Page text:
It may be imagined that, during our abode with the consul, the plague had been a frequent topic of our conversation. We were told, this season seldom passed without some appearance of it; that often the malady did not spread, or was partial, and of short duration; that it was communicated only by contact with some person or thing infected; and that the Franks, who are accounted less liable to receive it than the people of the country, continue, unless it be very general, their business and recreations as usual: but on the other hand, the approaching holidays both of the Turks and Christians, made it not improbable that the contagion would be carried to and fro, and that it would soon extend over the whole city and its vicinity. We had before us personal danger, and the apprehension of a tedious and disagreeable confinement, not without its perils, if we remained at Smyrna, or in Asia. In such situations as these, even extreme timidity scarcely deserves censure. Among other expedients, it was proposed to pursue the general plan of our voyage by crossing over to Athens, and returning in autumn, when the plague should have ceased; but this measure too had its risks and inconveniencies; and, at length, as the places suspected were only Smyrna and Pergamo, after due deliberation, we resolved to proceed on our intended journey.
We quitted the consul's house on Monday, the 25th of March, O. S. 1765, attended by a Swiss, and some Armenian servants, with a mule and horses carrying provision—chests, utensils for cooking, our tent, bedding, and other requisites; all together forming a very motley caravan or procession, headed by a janizary. The Frank families had then shut, up, as it is termed, or had retired into the country, for security from the infection. We did not return to Smyrna until the 8th of August.
Some occurrences, which will be related, made it prudent to contract this journey within a much narrower outline than was previously designed. The former falling in with it, and both together completing our survey of these parts, as far as we found practicable, we shall unite them in our narrative; this method enabling us to follow nearly the course of the country: beginning with the latter, which was the most extensive, and marking their mutual coincidence, with the different seasons, in which they wrere performed.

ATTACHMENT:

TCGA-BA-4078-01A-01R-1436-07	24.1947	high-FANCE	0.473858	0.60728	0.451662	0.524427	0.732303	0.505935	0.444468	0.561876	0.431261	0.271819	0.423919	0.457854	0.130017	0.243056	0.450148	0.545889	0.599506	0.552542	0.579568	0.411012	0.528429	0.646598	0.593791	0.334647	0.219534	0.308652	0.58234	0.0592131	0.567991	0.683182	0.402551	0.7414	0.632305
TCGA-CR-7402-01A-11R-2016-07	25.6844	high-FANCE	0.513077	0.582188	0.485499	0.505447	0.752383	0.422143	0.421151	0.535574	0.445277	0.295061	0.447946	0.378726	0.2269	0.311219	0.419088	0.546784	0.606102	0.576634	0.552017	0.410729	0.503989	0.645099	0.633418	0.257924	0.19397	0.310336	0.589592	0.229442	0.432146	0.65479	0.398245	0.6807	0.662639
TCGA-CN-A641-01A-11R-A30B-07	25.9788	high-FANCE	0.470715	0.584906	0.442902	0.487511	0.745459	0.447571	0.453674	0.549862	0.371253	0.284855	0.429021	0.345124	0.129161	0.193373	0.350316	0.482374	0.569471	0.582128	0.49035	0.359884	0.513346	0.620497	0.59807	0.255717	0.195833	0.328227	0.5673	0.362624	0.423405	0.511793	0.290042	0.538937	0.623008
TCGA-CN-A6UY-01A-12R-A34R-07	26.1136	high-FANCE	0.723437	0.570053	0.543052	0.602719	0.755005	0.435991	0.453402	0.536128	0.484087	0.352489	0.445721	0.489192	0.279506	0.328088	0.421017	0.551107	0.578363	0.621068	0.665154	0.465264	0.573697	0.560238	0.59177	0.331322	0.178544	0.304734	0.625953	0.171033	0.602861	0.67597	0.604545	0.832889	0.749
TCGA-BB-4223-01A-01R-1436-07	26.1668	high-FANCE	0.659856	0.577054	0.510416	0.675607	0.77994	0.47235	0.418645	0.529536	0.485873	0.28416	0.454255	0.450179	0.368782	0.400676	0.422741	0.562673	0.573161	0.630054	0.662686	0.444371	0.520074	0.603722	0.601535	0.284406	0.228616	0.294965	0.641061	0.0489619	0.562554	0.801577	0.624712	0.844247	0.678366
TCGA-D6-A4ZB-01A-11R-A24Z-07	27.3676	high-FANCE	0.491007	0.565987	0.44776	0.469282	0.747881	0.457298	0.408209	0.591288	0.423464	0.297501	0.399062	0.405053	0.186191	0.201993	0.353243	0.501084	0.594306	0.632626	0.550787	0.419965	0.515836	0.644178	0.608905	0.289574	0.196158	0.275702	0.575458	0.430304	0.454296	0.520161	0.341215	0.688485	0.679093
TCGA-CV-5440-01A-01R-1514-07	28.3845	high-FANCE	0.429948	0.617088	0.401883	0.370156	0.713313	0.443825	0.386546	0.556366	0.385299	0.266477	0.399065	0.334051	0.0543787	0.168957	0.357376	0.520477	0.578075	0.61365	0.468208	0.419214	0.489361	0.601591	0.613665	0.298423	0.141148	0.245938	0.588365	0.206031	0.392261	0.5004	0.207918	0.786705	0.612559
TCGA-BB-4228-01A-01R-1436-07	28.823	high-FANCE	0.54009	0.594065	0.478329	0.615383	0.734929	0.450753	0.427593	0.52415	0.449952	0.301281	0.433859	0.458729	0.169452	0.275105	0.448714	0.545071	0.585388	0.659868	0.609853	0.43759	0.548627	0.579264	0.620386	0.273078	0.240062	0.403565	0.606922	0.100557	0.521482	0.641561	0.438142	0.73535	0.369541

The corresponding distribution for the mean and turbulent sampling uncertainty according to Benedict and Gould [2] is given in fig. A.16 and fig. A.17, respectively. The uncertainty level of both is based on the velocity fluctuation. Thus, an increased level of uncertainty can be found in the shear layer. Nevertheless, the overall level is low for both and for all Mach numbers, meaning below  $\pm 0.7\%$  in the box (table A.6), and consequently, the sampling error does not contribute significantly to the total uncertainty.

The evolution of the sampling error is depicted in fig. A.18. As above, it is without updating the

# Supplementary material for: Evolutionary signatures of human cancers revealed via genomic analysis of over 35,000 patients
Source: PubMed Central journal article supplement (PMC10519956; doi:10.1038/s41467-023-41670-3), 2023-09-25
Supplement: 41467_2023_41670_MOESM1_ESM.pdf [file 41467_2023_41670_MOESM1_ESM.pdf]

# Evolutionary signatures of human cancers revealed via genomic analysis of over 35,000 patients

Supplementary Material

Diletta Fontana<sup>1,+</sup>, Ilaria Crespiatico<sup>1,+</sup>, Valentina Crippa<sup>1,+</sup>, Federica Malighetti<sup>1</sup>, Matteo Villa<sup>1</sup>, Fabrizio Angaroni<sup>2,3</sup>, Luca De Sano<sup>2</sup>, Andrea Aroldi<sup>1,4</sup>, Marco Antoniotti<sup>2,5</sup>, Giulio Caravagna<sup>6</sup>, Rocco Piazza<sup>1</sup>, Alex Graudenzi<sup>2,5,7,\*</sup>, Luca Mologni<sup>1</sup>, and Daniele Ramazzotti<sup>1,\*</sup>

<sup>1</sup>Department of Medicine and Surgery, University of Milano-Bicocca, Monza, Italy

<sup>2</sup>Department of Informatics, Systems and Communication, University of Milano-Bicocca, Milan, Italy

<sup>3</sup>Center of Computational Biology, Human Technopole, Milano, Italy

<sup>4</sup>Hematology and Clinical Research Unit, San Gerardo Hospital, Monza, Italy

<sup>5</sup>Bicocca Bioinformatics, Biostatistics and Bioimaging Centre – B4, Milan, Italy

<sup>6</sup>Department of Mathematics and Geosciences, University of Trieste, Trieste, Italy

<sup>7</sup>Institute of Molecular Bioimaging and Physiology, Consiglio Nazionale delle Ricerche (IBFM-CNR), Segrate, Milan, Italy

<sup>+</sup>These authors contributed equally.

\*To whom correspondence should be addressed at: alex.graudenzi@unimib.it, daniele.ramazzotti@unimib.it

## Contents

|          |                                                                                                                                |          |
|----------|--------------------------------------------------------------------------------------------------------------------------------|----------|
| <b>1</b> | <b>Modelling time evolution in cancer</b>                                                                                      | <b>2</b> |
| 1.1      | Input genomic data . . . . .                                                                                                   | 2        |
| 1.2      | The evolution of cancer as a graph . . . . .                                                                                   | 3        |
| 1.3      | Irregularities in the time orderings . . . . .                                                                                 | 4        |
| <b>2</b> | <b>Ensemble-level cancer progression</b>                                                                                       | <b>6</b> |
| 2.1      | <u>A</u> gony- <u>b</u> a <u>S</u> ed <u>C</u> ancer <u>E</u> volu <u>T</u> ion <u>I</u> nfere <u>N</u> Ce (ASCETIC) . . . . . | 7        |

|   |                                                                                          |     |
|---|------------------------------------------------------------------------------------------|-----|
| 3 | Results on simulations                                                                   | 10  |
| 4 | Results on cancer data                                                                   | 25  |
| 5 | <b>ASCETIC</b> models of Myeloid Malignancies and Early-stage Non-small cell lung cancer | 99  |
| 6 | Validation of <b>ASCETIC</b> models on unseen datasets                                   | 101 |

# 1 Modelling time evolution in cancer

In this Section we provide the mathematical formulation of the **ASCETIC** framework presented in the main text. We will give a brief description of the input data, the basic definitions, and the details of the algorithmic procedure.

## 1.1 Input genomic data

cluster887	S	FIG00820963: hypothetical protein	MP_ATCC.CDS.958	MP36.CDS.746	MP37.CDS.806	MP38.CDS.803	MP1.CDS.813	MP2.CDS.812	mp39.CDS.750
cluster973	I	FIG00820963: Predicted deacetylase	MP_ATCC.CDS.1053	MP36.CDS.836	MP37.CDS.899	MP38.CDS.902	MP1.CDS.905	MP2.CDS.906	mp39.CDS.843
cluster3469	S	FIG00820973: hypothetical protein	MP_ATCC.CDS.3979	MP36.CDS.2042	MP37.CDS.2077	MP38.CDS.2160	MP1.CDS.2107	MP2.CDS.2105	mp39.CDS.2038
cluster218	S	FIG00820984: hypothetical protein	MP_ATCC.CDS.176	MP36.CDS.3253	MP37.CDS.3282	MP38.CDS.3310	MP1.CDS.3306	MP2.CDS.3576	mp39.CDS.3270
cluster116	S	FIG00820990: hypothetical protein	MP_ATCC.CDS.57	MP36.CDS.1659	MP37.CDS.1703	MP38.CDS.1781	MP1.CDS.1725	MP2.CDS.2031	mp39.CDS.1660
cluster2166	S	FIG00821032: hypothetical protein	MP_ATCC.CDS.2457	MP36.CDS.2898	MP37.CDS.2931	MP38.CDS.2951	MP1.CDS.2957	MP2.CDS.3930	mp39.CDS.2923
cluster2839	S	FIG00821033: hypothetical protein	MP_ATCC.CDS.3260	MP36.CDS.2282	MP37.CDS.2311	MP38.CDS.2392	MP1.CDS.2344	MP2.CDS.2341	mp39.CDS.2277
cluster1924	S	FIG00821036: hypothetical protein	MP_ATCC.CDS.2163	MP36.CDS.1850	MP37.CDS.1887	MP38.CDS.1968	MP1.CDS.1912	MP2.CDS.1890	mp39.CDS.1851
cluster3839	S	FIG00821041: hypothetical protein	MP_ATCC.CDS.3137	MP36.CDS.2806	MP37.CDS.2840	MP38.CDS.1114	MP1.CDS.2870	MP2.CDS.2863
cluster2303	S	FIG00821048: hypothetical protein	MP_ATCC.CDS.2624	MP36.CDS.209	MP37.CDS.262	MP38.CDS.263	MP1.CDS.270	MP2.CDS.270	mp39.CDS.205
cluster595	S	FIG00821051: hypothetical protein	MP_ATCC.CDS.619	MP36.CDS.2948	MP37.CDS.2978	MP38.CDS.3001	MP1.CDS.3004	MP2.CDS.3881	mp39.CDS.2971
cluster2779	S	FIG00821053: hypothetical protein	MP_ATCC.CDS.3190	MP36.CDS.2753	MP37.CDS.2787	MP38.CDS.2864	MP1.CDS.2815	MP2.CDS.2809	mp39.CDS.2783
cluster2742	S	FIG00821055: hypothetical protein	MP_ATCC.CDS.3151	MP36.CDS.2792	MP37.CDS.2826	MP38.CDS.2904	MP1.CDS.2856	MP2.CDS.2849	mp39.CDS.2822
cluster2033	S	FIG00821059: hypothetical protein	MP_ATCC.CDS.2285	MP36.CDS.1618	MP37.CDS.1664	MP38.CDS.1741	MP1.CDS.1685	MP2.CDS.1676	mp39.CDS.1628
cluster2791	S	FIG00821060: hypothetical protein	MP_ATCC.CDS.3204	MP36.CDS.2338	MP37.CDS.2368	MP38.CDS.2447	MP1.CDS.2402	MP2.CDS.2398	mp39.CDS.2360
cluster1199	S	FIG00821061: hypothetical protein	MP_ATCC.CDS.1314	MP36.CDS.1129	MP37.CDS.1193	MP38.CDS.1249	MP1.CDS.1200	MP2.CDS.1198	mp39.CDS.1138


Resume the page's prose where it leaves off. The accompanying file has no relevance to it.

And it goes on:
Sea-coast of Ionia—Vourla reputed Clazomene—The olive' groves—Vestiges of an ancient bridge—The Agamemnonian hot baths—Their present state—Isthmus of the peninsula— The dike cut by Alexander—Villages—The toxm of Vourla.
The sea-coast of Ionia extended from Phocea and the Hermus, southward to Posidium, a promontory of the Milesians, and to the Carian mountains. The shape was irregular, it abounding in bays and peninsulas. The cities were all originally maritime; their number on the continent ten, besides Smyrna; their situation as. uncommonly fine as their climate. It has been said of this region, that it boasted temples, such as were possessed by no other country, and many wonders hardly exceeded even in Hellas or Greece.
The city of Ionia, next to Smyrna, was Clazomene. As this place was within the gulf, on the south-side, and the distance anciently reckoned only twelve miles, we supposed the site known to the people of Smyrna, and the modern name to be, as they informed us, Vourla. We resolved therefore to begin our second journey with that town, distant by computation six hours; hoping, if the plague did not cease at Smyrna during our absence, we might at least escape its fury; and expecting to obtain security and satisfaction, in proportion as we removed from the seat of infection, and of its sure concomitant, mortality.
We set out from Smyrna at eight in the morning, on the 25th of March, and passing through the loAver portion of